6. confuzzled

    confuzzled Member

    how funny you mention that. i just had a long involved conversation with mines psychiatrist who essentially said exactly the same thing...she actually said she literally sees something click around 27! (i, of course was in no mood to hear that, lol--thats one long haul from here).

    she said she frequently sees it in her EF and ADHD kids.

    so maybe there is something to that. :)
  7. SearchingForRainbows

    SearchingForRainbows Active Member

    There was a time I couldn't see the light at the end of the tunnel, didn't believe things would ever improve. difficult child 1 has a very high IQ but did poorly in subjects he wasn't interested in or in classes where he disliked the teacher. His class rank wasn't good enough to get him into most colleges. He was fixated on computers, his entire life revolved around them.

    Among other things, difficult child 1 was impossible to live with, stole from us, had frequent melt-downs, was violent, especially towards me, believed he was superior to everyone, and that he was entitled to everything husband and I worked so hard to obtain. husband and I basically threw difficult child 1 out of our home after he graduated high school. We found him an apartment, paid first and last month's rent, and got him to enroll in a nearby junior college. While it was tough in the beginning, to our amazement, he grew from the experience. He learned to appreciate the things he had and that he had to work to get the things he didn't have (fixed computers under the table). He even began to appreciate us.

    One of the happiest days of my life was when he called me and told me he wanted to take me out to celebrate Mother's Day and my birthday, just the two of us. From that day forward, he began to talk to me, open up to me. Prior to this, I was usually the target of his anger. He used to say that everything bad that happened to him was my fault. Now, he let me know that he loved me, not so much in words, but in deeds. When he found out we had to put our house up for sale, he spent a weekend with us, helping husband wash the siding, paint the trim, clean the gutters, etc... husband, difficult child 1 and I enjoyed two nights together in our home, having long leisurely dinners, laughing, joking, just enjoying being together. difficult child 1 spent lots of time talking to me and we reminisced over past vacations, fun times we had had (in between the bad times) as he was growing up.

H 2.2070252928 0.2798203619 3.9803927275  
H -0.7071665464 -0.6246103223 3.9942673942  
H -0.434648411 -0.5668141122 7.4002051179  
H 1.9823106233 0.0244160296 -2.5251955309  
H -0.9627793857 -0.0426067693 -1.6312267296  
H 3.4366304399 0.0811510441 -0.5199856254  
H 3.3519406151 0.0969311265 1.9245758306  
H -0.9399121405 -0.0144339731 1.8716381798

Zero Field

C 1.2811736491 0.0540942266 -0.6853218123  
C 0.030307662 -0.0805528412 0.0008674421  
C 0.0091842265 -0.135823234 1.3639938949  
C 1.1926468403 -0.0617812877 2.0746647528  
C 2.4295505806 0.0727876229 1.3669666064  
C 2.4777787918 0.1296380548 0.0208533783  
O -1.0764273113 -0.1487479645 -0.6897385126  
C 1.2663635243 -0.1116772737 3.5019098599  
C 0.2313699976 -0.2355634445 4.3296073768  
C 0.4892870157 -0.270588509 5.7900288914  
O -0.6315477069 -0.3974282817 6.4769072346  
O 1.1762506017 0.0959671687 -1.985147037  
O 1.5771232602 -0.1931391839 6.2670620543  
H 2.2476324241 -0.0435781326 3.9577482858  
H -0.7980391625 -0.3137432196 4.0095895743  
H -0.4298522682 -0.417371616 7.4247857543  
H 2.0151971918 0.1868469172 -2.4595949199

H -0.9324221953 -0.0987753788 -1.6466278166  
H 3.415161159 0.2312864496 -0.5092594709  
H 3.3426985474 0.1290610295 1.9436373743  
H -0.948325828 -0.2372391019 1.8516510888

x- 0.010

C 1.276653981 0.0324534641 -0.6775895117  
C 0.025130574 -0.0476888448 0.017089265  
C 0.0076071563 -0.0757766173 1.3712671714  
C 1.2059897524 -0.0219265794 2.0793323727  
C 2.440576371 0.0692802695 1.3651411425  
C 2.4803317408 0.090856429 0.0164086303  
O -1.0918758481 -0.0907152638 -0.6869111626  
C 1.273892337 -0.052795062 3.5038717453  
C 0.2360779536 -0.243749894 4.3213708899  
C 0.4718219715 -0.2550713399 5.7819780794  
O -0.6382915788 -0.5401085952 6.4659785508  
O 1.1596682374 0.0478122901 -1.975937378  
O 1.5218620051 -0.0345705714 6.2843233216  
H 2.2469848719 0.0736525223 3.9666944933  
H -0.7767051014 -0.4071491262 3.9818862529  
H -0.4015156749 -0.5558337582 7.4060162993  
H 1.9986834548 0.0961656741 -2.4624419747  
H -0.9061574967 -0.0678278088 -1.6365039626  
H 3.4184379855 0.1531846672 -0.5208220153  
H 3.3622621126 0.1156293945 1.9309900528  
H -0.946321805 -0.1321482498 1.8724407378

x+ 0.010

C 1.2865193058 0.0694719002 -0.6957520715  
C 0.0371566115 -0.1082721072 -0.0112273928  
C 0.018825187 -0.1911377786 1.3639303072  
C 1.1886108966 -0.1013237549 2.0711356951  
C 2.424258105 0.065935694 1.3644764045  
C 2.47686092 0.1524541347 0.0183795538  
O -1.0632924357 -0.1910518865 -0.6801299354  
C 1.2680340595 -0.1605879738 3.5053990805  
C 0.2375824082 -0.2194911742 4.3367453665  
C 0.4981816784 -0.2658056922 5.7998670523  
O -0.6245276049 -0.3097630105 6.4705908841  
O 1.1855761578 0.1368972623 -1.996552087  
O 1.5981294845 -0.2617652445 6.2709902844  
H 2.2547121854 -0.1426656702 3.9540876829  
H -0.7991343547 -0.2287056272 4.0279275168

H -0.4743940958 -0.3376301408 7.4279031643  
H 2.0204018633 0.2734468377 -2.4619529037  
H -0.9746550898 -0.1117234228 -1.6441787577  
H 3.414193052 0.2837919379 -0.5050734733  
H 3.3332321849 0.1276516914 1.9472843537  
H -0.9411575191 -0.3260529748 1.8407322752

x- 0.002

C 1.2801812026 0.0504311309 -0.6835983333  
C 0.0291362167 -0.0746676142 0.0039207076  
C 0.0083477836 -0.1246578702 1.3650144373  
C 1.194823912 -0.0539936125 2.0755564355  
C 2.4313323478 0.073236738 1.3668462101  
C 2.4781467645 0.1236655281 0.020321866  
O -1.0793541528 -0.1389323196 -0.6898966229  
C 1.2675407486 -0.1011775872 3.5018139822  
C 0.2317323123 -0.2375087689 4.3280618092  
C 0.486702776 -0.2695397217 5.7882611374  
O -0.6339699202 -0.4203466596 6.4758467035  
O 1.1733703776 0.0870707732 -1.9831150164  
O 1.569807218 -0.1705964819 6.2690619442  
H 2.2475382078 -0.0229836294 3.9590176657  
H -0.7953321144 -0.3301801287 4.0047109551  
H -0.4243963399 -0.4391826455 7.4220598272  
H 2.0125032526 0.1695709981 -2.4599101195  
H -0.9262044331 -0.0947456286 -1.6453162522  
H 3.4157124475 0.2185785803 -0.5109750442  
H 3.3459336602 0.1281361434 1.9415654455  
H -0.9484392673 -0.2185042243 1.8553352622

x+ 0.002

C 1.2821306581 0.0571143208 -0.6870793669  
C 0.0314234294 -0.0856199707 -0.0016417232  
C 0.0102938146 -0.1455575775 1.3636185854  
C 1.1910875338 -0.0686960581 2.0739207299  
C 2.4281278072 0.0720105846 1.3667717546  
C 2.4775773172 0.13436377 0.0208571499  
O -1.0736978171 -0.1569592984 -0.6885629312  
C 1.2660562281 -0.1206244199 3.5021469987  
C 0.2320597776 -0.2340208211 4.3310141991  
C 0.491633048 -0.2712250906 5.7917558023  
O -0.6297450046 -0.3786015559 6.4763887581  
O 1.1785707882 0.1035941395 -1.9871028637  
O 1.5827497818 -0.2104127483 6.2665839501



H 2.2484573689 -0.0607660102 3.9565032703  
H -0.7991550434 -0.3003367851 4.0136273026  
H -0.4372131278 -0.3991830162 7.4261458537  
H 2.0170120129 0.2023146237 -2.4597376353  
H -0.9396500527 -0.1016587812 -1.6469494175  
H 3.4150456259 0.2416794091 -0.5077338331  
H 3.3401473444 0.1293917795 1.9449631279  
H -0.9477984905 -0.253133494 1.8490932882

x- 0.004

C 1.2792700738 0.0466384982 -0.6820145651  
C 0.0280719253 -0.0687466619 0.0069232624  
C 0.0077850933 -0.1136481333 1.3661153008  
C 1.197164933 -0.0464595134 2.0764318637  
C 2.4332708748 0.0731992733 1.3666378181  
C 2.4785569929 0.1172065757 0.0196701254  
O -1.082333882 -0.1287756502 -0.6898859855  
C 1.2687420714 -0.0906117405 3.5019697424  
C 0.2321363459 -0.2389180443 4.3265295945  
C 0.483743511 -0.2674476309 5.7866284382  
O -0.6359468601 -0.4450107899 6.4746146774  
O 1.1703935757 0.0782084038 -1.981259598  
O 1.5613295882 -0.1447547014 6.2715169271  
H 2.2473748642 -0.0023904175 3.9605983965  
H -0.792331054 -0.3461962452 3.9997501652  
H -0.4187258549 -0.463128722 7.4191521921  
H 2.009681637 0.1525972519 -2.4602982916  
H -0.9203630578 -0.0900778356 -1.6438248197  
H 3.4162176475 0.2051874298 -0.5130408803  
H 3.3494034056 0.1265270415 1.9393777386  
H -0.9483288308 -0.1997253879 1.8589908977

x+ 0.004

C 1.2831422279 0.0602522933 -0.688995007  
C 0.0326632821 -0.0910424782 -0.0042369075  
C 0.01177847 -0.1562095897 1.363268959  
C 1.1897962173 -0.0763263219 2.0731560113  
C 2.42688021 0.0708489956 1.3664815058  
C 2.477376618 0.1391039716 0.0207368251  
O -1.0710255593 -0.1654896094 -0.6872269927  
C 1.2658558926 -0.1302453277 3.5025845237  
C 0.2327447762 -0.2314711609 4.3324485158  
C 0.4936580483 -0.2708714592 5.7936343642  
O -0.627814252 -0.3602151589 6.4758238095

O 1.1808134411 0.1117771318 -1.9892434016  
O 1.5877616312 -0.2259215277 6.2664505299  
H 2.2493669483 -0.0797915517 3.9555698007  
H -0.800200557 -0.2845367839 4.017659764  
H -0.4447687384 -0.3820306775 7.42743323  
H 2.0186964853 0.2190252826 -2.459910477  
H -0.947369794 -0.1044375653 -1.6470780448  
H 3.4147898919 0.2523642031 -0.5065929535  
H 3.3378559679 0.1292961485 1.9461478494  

He hated school, said it was too easy, he knew more then the professors. husband and I encouraged him to finish school, to get his associates degree. We kept reminding him that no matter how much he knew, had a much better chance of success if he got that piece of paper, that degree. He listened, not without complaining about his incompetent computer science professors, but at least he finished the classes. He did much better in the classes he was interested in but, unlike high school, made sure he passed the rest with nothing lower then a C.

    husband and I were disappointed when he decided not to go to his graduation and told us he was moving out of state to start a web design company with a friend he met on-line. We were worried, sad, etc... We were hoping he would get a job working for a company that would provide benefits, a steady paycheck, etc... However, we hid our feelings and wished him the best of luck. The day before he left, I met him for lunch. Afterwards, I drove him to the community college so he could take his last final. After he hugged me goodbye, I cried the entire way home. I felt like I finally had my son back, he was headed in the right direction, and now he was leaving, his future uncertain.